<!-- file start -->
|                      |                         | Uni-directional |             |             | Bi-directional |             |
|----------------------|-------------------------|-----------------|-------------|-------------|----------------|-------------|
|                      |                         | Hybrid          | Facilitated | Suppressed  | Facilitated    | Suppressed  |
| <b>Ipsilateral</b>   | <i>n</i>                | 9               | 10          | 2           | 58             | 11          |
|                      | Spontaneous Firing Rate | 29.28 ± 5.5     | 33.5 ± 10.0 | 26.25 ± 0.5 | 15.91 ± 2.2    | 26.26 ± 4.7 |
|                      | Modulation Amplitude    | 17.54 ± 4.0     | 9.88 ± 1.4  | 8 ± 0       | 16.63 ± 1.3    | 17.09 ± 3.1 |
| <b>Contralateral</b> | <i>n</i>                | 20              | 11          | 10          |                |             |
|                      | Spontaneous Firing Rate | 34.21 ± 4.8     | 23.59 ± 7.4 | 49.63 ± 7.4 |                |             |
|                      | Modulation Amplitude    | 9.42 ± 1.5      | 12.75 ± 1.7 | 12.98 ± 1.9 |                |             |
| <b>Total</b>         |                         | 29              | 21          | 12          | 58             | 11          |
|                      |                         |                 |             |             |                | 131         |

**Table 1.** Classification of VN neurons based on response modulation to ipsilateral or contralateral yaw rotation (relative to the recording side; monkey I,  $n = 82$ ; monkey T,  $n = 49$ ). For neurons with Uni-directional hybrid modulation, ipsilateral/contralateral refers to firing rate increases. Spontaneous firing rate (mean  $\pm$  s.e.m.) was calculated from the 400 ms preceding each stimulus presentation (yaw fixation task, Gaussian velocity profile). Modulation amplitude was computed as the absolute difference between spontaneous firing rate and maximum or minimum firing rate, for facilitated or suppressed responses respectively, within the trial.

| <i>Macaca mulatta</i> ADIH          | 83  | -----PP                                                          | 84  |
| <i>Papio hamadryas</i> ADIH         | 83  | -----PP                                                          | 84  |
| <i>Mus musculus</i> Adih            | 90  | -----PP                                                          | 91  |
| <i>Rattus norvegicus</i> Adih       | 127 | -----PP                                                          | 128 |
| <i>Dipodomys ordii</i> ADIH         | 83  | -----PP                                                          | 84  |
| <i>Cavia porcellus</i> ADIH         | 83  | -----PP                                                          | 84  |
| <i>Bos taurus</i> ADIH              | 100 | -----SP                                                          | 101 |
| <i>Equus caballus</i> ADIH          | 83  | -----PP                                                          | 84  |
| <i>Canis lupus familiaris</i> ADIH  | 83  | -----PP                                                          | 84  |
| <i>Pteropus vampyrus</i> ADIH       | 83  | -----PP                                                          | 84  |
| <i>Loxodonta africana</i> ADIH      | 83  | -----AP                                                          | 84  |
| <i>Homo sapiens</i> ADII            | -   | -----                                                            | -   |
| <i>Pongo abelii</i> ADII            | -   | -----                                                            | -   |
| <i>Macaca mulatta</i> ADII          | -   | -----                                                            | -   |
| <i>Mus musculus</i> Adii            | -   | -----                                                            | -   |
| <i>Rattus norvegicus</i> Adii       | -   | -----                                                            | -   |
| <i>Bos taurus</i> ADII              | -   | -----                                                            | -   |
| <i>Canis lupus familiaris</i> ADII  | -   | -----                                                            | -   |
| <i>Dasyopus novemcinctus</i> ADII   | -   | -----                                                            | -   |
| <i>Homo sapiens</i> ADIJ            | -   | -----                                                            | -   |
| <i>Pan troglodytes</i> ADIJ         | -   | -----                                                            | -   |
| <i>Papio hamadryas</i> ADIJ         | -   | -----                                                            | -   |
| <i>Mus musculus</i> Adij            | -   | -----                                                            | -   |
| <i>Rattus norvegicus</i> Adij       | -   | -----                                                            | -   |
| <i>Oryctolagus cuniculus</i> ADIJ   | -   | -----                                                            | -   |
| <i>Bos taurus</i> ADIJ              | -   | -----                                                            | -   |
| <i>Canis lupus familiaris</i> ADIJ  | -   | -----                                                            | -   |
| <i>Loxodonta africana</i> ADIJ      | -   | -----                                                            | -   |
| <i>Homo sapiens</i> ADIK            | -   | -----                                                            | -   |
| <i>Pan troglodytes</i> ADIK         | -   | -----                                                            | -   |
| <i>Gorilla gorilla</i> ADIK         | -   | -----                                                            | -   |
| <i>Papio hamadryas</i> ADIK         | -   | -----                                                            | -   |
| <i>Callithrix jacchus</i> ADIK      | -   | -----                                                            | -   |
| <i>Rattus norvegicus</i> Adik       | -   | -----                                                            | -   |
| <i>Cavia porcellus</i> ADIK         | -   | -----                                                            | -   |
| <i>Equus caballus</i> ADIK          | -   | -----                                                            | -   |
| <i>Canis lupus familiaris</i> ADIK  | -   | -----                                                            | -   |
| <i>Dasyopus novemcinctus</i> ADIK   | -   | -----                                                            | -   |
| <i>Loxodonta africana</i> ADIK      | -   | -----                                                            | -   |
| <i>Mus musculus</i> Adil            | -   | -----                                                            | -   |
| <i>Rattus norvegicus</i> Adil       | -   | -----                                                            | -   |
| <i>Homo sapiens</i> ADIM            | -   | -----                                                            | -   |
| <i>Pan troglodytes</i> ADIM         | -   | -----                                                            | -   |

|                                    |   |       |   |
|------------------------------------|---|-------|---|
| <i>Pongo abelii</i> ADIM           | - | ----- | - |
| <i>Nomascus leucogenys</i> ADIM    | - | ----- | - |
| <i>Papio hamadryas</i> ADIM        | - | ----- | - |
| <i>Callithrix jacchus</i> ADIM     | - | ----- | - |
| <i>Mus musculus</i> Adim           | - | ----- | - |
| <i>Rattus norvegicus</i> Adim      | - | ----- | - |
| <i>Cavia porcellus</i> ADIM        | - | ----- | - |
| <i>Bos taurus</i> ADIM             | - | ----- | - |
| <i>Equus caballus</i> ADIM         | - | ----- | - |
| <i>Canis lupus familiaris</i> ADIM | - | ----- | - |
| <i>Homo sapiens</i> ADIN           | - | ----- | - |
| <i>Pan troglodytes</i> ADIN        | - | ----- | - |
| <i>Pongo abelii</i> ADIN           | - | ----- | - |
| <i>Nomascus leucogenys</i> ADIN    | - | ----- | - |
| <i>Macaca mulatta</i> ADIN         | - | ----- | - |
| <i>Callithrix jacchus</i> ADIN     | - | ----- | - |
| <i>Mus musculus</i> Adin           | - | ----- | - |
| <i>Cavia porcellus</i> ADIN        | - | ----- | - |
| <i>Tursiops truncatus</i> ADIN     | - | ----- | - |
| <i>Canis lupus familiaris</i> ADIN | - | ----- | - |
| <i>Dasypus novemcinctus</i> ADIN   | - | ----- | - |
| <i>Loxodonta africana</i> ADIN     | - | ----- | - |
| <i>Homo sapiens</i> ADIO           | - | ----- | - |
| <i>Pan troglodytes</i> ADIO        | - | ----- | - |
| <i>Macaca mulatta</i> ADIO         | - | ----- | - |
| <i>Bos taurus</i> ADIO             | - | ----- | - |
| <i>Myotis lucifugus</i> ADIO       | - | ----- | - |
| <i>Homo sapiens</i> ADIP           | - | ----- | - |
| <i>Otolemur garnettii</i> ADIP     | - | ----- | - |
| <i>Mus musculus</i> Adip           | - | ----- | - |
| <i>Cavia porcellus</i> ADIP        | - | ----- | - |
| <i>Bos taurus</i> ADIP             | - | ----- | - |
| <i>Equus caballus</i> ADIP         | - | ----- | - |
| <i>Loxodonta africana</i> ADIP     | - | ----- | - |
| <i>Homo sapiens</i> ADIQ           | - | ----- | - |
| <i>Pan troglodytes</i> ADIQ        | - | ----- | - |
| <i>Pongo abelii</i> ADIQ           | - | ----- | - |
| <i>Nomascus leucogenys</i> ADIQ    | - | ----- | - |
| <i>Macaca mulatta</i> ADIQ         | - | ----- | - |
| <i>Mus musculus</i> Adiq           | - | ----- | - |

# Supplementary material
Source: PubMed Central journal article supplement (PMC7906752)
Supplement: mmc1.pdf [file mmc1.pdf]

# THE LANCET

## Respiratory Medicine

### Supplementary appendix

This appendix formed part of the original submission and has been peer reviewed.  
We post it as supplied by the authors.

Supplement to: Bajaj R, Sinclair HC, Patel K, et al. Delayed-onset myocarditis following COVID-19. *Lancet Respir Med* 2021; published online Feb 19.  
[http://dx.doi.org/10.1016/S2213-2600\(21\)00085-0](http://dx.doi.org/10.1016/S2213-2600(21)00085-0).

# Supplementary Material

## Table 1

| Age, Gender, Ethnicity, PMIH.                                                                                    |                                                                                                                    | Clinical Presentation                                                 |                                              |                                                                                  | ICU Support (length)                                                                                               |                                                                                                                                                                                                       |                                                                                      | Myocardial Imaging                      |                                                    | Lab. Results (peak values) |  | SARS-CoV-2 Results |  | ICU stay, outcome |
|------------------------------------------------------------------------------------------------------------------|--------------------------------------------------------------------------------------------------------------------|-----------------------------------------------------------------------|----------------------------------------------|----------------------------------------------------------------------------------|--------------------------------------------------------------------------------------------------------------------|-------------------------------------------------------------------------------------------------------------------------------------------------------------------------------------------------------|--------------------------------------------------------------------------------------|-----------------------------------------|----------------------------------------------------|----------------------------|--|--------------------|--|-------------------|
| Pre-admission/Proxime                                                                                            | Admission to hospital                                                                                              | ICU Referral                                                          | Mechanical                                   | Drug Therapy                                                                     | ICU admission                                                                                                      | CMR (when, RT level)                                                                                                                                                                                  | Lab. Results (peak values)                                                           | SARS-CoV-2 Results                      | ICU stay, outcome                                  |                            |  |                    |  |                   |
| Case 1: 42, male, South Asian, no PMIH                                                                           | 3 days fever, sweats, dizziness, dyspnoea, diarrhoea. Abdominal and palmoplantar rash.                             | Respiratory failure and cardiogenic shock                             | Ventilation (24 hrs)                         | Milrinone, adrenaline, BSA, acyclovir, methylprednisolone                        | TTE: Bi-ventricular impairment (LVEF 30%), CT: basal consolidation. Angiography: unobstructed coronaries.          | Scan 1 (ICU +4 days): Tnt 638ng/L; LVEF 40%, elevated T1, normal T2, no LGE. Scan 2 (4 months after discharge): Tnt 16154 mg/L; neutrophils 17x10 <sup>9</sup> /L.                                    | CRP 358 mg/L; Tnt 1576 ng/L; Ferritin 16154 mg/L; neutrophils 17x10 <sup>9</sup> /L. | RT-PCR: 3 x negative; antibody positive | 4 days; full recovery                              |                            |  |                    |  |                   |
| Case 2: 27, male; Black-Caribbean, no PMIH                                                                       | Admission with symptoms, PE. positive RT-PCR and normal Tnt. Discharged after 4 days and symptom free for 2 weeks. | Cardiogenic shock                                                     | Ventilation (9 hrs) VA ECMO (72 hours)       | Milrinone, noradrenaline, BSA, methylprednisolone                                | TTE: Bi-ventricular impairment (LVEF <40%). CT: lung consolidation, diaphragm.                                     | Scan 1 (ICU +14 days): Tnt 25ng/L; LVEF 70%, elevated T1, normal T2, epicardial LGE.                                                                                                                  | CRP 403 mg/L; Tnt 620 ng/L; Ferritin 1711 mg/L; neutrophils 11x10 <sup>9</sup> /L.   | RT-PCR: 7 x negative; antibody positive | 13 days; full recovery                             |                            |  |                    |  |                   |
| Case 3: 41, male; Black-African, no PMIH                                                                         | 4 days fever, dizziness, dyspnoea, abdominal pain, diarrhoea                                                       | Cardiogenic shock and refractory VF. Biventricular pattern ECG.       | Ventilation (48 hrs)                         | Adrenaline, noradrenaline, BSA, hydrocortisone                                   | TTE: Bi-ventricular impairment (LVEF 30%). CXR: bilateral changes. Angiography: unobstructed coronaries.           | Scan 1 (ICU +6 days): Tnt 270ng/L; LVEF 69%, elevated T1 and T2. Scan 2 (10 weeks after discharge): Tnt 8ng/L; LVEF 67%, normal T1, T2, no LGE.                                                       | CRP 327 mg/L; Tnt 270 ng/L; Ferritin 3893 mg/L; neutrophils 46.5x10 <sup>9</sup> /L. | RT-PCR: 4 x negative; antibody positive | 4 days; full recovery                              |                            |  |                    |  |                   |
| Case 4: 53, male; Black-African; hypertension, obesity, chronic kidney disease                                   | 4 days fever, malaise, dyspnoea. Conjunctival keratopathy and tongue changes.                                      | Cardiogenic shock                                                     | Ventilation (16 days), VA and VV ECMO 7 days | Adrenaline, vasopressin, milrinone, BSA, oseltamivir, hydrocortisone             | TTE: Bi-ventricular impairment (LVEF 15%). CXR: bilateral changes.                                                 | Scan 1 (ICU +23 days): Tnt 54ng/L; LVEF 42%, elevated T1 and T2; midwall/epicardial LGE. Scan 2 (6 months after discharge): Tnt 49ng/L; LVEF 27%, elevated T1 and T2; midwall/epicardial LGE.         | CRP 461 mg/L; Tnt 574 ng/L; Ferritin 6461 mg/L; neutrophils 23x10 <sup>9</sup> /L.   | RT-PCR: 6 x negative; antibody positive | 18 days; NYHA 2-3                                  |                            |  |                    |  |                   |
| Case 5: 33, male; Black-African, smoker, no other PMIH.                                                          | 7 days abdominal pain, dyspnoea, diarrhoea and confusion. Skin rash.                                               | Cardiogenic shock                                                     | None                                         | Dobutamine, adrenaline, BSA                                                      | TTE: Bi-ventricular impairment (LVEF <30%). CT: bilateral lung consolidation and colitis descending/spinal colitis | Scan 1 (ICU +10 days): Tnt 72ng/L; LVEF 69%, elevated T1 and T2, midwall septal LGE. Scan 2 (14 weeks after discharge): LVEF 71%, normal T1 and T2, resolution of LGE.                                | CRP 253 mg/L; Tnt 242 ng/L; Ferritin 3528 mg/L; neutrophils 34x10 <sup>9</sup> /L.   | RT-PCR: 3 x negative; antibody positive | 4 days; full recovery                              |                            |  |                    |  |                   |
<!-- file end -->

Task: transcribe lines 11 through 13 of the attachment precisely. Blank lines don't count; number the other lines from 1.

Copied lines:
|                      |                         |                 |             |             |                | 131         |

**Table 1.** Classification of VN neurons based on response modulation to ipsilateral or contralateral yaw rotation (relative to the recording side; monkey I,  $n = 82$ ; monkey T,  $n = 49$ ). For neurons with Uni-directional hybrid modulation, ipsilateral/contralateral refers to firing rate increases. Spontaneous firing rate (mean  $\pm$  s.e.m.) was calculated from the 400 ms preceding each stimulus presentation (yaw fixation task, Gaussian velocity profile). Modulation amplitude was computed as the absolute difference between spontaneous firing rate and maximum or minimum firing rate, for facilitated or suppressed responses respectively, within the trial.

| <i>Macaca mulatta</i> ADIH          | 83  | -----PP                                                          | 84  |